Following my detailed analysis of the 11³ cube and 13³ cube, in March 2009 I worked out a mathematical formula to predict the number of solutions that each odd-numbered cube's subset should produce. (I am indebted to my friend Clare Willis and her father John Willis for helping me to present my analysis in mathematical terminology.) In order to verify the results of that formula, in May 2009 I set about writing a PHP script to generate the required subsets of 2D solutions. This turned out to be as easy as trying as many different gradients of lines of Queens as possible – just like in the diagrams above – and then row-shifting and mirroring those patterns that result in valid 2D solutions to create the complete subset. Perhaps unsurprisingly, for any cube whose size is divisible by three I found that there are NO valid gradient patterns at all. But what did surprise me was that while all the possible gradient patterns are valid for prime numbered cubes, for any other non-prime cubes only some gradient patterns are valid, giving a reduced subset of boards. My mathematical formula was therefore only of use for prime numbered cubes.

In October 2010 Dad and I produced an adapted version of his own much faster program that would accept my subsets of 2D boards. Initially the prime numbered cubes' results matched my formula's earlier predictions; but then the 29³ cube bucked the trend by generating more than double the predicted number of solutions! It was finally time to lay my formula to rest, but our adapted program continues to generate 3D solutions, albeit perhaps only a subset of the total number possible as there may still be other 3D solutions that do not contain these parallel lines of Queens.


The following table lists the numbers of solutions generated so far by our adapted "subset-based" program. Remember that this program may not identify all the possible solutions for each cube size – although we know that it does for both the 11³ cube and 13³ cube – and that it is only designed for odd-numbered cubes. Also, while it found no solutions in the 25³ cube (the only one we've searched so far that is neither prime nor divisible by three), without further results I'm reserving judgement on whether this program might find solutions only in prime numbered cubes. And finally, note that we're still counting the solutions in the 35³ cube and 37³ cube. But so you can keep an eye on our progress, the number of solutions we find will be automatically updated daily.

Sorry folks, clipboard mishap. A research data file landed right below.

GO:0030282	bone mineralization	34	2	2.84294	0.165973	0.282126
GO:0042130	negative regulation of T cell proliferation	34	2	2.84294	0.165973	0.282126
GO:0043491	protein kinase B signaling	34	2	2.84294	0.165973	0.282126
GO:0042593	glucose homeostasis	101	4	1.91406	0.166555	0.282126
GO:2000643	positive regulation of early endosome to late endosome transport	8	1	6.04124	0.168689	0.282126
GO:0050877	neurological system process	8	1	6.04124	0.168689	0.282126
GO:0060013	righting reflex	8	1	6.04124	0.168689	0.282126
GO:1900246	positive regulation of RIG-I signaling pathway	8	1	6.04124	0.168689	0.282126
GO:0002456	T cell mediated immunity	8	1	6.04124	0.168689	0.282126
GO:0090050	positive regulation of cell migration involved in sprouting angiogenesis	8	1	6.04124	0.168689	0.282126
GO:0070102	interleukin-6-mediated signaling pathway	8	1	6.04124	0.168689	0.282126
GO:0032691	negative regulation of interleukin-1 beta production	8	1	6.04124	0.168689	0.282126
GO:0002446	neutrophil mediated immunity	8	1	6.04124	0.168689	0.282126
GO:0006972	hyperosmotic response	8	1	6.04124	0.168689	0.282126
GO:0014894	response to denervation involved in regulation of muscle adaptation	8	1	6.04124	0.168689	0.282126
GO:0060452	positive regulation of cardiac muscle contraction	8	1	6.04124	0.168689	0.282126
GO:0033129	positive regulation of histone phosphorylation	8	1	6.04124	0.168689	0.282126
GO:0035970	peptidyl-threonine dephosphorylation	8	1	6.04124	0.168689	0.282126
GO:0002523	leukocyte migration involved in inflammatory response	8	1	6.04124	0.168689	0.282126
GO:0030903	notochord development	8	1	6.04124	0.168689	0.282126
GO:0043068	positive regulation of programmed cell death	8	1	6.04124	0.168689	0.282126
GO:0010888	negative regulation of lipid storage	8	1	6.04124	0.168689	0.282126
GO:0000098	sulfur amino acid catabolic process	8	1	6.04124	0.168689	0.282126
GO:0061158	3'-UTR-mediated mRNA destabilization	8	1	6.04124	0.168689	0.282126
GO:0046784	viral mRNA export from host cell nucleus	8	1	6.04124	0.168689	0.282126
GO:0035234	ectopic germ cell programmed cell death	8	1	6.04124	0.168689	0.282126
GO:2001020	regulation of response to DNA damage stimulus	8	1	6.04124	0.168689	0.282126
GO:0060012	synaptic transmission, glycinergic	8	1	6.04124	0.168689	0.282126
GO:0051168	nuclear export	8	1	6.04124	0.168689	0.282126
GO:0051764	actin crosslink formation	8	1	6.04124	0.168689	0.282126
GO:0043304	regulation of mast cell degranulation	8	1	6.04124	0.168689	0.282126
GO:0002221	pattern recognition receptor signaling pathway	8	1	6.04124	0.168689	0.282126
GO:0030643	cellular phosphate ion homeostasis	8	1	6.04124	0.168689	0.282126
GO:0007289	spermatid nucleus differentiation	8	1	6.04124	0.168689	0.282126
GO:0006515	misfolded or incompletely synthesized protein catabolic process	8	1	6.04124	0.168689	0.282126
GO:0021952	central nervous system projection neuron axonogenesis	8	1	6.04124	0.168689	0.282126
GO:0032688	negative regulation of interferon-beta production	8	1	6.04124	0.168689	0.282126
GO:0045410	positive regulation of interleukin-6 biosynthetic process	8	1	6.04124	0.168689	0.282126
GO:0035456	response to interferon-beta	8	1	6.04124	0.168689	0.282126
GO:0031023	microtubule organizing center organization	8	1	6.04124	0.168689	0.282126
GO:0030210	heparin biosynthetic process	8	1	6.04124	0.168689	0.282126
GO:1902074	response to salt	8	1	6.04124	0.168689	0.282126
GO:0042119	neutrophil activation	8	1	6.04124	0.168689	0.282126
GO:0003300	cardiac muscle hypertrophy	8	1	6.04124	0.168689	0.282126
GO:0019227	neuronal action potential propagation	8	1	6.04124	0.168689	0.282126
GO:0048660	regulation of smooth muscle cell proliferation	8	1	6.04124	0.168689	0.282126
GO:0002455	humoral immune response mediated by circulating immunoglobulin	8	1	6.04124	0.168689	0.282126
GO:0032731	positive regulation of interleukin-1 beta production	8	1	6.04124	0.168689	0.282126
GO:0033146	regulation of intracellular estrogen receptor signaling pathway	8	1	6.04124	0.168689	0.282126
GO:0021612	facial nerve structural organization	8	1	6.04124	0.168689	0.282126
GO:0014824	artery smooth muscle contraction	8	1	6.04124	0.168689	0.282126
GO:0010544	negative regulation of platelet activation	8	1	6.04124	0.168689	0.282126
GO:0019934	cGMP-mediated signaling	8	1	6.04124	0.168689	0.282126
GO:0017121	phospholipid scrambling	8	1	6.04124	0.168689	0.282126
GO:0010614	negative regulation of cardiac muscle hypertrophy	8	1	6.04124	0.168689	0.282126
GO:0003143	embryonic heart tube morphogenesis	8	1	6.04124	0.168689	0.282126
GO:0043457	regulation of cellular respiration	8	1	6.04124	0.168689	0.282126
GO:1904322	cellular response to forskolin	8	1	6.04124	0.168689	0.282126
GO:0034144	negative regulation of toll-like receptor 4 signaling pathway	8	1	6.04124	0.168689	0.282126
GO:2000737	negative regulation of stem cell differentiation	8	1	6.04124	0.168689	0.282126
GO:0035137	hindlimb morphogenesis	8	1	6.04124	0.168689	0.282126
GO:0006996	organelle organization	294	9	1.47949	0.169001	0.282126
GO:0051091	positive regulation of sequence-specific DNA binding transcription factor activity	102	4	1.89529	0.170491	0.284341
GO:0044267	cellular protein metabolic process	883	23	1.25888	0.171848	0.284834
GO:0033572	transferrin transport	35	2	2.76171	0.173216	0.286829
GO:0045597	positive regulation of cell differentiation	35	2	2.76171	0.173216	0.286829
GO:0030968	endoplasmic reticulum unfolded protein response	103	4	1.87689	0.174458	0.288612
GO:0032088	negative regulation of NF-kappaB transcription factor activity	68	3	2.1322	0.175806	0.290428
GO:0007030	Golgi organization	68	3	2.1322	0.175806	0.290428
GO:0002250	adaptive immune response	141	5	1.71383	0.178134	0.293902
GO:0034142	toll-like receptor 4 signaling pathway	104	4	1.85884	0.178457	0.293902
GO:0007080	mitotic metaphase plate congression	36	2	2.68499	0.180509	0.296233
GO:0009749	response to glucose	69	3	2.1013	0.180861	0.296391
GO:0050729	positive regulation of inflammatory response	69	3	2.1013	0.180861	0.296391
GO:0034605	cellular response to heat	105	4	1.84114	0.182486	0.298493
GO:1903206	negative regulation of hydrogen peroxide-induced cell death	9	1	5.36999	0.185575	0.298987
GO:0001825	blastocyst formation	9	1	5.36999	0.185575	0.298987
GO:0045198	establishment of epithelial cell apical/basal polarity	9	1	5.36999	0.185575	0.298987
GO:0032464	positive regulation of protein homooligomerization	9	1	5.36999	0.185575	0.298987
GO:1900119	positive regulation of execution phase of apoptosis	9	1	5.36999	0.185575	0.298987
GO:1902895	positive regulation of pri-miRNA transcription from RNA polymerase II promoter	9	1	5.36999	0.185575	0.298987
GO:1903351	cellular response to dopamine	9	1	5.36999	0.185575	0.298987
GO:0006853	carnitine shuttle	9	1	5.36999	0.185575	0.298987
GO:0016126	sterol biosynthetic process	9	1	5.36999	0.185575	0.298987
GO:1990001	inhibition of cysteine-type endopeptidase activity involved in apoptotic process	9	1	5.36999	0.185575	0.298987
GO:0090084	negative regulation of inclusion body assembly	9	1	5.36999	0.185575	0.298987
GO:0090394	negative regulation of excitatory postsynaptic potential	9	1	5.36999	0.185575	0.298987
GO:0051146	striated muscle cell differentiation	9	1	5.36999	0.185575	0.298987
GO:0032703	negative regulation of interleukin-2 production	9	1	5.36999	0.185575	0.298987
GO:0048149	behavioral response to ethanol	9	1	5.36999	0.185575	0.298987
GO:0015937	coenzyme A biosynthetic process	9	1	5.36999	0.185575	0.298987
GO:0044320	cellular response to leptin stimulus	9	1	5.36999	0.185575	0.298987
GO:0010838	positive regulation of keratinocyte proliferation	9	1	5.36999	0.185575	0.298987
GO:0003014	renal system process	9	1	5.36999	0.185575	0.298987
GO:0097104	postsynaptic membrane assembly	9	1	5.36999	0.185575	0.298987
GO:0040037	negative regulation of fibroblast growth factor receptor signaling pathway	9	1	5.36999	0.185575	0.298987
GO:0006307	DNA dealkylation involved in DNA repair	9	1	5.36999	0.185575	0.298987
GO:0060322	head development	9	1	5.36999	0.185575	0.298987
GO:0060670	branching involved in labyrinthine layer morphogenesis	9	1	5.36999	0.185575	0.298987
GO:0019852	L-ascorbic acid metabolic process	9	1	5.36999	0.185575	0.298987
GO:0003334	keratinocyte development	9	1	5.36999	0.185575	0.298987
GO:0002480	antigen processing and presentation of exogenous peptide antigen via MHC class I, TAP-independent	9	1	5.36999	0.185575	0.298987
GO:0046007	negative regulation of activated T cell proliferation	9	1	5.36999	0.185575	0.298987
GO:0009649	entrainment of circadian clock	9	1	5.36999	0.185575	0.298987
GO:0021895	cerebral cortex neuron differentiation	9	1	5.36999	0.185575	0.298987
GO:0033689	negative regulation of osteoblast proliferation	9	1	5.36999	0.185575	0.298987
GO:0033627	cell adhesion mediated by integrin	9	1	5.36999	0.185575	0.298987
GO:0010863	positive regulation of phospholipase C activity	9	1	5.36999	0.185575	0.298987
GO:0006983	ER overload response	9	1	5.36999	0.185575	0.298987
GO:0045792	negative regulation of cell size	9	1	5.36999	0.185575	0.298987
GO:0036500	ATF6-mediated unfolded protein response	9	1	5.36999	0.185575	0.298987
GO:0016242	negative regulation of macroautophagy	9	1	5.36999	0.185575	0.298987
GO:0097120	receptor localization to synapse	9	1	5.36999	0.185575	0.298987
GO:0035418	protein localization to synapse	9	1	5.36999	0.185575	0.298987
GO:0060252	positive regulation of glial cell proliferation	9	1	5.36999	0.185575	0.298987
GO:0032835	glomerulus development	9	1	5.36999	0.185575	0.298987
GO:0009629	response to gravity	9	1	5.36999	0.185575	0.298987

Number of 3D solutions found by our subset-based program in each odd-numbered cube from size 17 to 39
Cube SizeSolutionsDate First Verified
172,04024th October 2010
193,19224th October 2010
21019th November 2008
236,62424th October 2010
25025th October 2010
27019th November 2008
2935,4962nd November 2010
3119,34420th January 2011
33019th November 2008
35At least 0 
37At least 1,319 
39019th November 2008

So why are there no solutions for the 7³ cube? And what about the smaller cubes?

Technically, of course, the sole solution for the 1³ cube is a single Queen. But that aside, the 7³ cube and its smaller cousins are simply too small to bear any solutions, just like the 2 by 2 and 3 by 3 chessboards in the original (two-dimensional) puzzle. Specifically, there isn't enough variety within their respective sets of 2D boards to allow a 3D cube solution to be built.